Mercedes-Benz sells cars all over the world, but like most companies it needs to make adjustments to its marketing strategies in order to accommodate cultural differences in the countries in which it operates. This paper will analyze how Mercedes markets its cars in Germany and how it does so in the United States, noting the differences between the messages and approaches in each nation.

In Germany, Mercedes is a domestic brand. While it markets its flagship name as a premium name, the marketing message is primarily focused on the vehicle and on lifestyle factors. In the United States, Mercedes is also a premium name, but the marketing message often attempts to play on the perception that many Americans have of German manufactured goods being high quality. In particular this perception applies to engineered goods. Daimler Benz has admitted that it "plays the German heritage card," even though Mercedes cars today are made in Alabama (Jost, 2005). By conflating the German brand with the product itself, Mercedes-Benz is able to leverage the German heritage of the car in its marketing despite the car being domestically produced.

In addition to the marketing message, other elements of the marketing mix also differ. One noteworthy case was the company's marketing of the Smart car in the two countries. In Germany, this car was given a high priority in marketing as a long-term part of the company's vehicle portfolio. In the United States, Mercedes had contracted out distribution to Penske, and the brand was not given priority. Mercedes then needed to take the brand into its own distribution channel in order to give it higher priority promotion (Eisenstein, 2011).…… [read more]


Cultural Marketing Strategies Research Paper

… Cultural Marketing Strategies

Comparing Marketing Between Japan and the United States

The differences between cultures has a very significant impact on how the same products are marketed across various nations and regions. Comparing the marketing of Nike and Mercedes in Japan vs. The United States shows how drastically different these cultures are, and how global brands have a carry-over effect from one national culture to another (Bengtsson, Bardhi, Venkatraman, 2010). The continued growth of global brands indicates how quickly globalization and social networks are making the proliferation of brand messaging and positioning (Czinkota, 2011).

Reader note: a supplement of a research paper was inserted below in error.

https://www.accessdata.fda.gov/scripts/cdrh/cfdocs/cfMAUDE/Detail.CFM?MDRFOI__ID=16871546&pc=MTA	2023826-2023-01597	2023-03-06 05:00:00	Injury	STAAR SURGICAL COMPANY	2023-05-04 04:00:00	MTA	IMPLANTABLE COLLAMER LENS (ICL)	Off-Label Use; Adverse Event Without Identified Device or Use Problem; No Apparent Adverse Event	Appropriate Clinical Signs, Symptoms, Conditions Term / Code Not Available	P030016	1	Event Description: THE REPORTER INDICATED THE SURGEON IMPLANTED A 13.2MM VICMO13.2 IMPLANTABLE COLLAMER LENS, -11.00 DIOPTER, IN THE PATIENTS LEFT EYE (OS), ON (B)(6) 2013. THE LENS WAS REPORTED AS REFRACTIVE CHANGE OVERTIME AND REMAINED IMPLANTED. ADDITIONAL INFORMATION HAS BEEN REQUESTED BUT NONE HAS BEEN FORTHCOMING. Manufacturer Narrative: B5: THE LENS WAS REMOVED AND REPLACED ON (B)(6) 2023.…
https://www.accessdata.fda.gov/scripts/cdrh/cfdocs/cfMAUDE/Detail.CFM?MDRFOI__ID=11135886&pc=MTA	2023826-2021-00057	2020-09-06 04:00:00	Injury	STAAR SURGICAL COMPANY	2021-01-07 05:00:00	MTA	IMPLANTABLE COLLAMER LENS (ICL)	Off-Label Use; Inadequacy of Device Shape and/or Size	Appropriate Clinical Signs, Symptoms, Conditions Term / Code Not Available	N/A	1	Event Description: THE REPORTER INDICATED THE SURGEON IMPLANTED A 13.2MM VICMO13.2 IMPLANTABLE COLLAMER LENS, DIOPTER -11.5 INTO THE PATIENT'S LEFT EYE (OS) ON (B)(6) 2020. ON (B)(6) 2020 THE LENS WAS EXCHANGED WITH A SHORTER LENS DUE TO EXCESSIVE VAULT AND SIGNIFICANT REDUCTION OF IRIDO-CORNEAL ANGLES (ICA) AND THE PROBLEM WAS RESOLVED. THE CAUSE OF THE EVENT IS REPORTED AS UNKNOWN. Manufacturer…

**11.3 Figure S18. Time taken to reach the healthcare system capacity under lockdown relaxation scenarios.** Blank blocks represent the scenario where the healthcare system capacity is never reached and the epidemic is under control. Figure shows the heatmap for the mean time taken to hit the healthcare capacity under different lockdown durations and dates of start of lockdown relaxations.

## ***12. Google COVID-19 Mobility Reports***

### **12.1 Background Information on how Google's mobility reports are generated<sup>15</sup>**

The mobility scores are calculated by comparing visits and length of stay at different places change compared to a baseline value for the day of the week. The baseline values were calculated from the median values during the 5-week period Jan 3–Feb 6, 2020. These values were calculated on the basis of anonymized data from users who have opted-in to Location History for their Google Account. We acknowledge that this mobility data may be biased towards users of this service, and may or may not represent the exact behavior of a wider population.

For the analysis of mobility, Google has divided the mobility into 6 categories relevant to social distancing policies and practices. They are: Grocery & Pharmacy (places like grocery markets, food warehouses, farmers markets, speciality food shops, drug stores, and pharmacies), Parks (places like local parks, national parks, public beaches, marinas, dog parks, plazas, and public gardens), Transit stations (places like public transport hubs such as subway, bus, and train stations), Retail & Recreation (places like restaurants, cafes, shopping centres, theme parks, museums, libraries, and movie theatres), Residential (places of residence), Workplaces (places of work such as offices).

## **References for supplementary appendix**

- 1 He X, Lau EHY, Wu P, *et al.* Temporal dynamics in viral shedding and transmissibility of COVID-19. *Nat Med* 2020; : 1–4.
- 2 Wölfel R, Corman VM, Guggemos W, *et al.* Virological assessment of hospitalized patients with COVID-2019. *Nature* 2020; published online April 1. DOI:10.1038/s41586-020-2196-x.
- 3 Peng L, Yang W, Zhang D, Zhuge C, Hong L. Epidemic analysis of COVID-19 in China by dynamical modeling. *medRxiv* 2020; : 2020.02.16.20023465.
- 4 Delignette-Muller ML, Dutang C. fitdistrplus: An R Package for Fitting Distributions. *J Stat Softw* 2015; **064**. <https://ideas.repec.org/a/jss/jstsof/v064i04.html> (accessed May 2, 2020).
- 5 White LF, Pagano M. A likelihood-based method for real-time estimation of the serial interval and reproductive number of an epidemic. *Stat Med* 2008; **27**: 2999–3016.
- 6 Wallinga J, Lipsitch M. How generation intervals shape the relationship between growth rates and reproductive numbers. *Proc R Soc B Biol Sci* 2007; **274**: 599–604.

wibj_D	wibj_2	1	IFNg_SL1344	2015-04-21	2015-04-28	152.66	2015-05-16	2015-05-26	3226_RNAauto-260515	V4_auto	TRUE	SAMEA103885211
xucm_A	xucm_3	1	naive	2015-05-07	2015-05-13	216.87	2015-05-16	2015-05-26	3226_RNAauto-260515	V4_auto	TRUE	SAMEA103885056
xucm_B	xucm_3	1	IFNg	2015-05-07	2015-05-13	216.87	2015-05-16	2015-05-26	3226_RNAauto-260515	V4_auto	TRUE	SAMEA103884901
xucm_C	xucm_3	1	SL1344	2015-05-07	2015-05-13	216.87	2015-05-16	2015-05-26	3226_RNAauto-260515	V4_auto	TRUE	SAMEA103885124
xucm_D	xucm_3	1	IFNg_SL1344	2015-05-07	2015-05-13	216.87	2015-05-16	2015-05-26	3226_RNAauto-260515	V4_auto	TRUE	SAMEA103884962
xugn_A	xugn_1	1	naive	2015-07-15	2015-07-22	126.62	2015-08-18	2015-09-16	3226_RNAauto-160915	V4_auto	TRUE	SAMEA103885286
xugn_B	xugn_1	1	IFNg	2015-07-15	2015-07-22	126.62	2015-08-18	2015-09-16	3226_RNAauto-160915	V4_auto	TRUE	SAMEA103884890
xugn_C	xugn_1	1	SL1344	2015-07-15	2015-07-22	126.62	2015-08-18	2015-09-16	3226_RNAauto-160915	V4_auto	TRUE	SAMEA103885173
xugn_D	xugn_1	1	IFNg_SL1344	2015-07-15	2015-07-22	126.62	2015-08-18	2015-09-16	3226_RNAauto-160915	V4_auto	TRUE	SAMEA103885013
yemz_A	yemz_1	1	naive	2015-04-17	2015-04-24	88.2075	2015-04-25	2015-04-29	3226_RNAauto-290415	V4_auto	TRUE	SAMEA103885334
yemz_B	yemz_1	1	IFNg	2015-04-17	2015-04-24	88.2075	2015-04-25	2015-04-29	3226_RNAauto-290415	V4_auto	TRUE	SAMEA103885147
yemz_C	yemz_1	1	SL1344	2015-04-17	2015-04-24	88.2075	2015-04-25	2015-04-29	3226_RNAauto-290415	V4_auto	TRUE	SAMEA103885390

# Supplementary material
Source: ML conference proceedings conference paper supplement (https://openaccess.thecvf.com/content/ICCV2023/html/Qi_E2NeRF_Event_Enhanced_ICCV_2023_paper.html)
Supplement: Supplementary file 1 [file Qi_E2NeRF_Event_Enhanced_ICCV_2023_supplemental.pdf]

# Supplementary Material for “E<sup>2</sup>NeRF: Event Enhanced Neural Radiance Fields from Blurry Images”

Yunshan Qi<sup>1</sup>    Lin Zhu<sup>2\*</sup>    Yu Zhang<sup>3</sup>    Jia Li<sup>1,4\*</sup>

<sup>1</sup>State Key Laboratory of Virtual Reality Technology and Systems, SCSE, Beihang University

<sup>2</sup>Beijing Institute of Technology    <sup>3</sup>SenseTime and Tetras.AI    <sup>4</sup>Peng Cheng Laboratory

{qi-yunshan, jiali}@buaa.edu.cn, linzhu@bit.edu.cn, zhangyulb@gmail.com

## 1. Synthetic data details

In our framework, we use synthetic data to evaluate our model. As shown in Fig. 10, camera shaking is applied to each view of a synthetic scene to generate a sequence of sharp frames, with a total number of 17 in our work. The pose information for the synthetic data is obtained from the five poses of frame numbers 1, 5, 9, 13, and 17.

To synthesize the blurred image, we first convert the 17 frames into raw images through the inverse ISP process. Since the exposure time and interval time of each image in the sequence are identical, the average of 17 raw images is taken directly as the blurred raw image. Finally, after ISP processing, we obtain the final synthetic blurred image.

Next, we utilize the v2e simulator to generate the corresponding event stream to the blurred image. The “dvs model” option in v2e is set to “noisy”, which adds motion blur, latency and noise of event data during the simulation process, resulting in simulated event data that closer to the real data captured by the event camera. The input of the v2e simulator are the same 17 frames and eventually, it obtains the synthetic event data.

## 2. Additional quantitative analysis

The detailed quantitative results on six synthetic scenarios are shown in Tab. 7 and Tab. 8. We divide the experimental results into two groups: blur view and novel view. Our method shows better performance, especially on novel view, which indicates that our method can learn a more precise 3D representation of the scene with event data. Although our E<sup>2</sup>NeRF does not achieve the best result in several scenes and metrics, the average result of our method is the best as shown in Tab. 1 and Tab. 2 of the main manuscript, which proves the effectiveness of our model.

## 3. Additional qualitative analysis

Analysis of Nike and Mercedes In Japan vs. The United States

To fully appreciate the differences between the Japanese and American cultures, the Hofstede Model of Cultural Dimensions has been used (Hofstede, McCrae, 2004). The basis of the Hofstede Model are five cultural dimensions that have proven to be highly reliable in defining differences between cultures. Comparing Japan and the U.S., as is done in the figure to the right shows just how different each culture is. This has major implications for Mercedes and Nike when marketing into each nation.

The first dimension is Power Distance Index (PDI) and reflects the extent to which less powerful members of organizations accept the unequal distribution of power (Minkov, Hofstede, 2011). The Japanese are more accepting of PDI, and therefore Mercedes and Nike both would stress more of the collaborative, group-based activities and values. The most significant differences between the two cultures are on the Individualism (IDV) and Long-term Orientation (LTO) dimensions. This translates into completely different marketing programs for…… [read more]


Williams Sonoma Case Study

… ¶ … Williams-Sonoma's market segmentation in the Internet era. Williams-Sonoma must continue to offer a unique, upscale shopping experience online while staying afloat in a shaky economy. It also must secure a more youthful consumer base, keeping its eye on… [read more]


Services Marketing Article Review

… ¶ … Consumers Power Transformational Marketing (Hamelin, et.al.) the author provides insights into how the many platforms that support social media, driven by the powerful catalyst of mobile commerce, is providing consumers with more control over brands than ever before. Social media continues to redefine marketing, bringing a greater clarity and focus to the voice of customers globally in the process.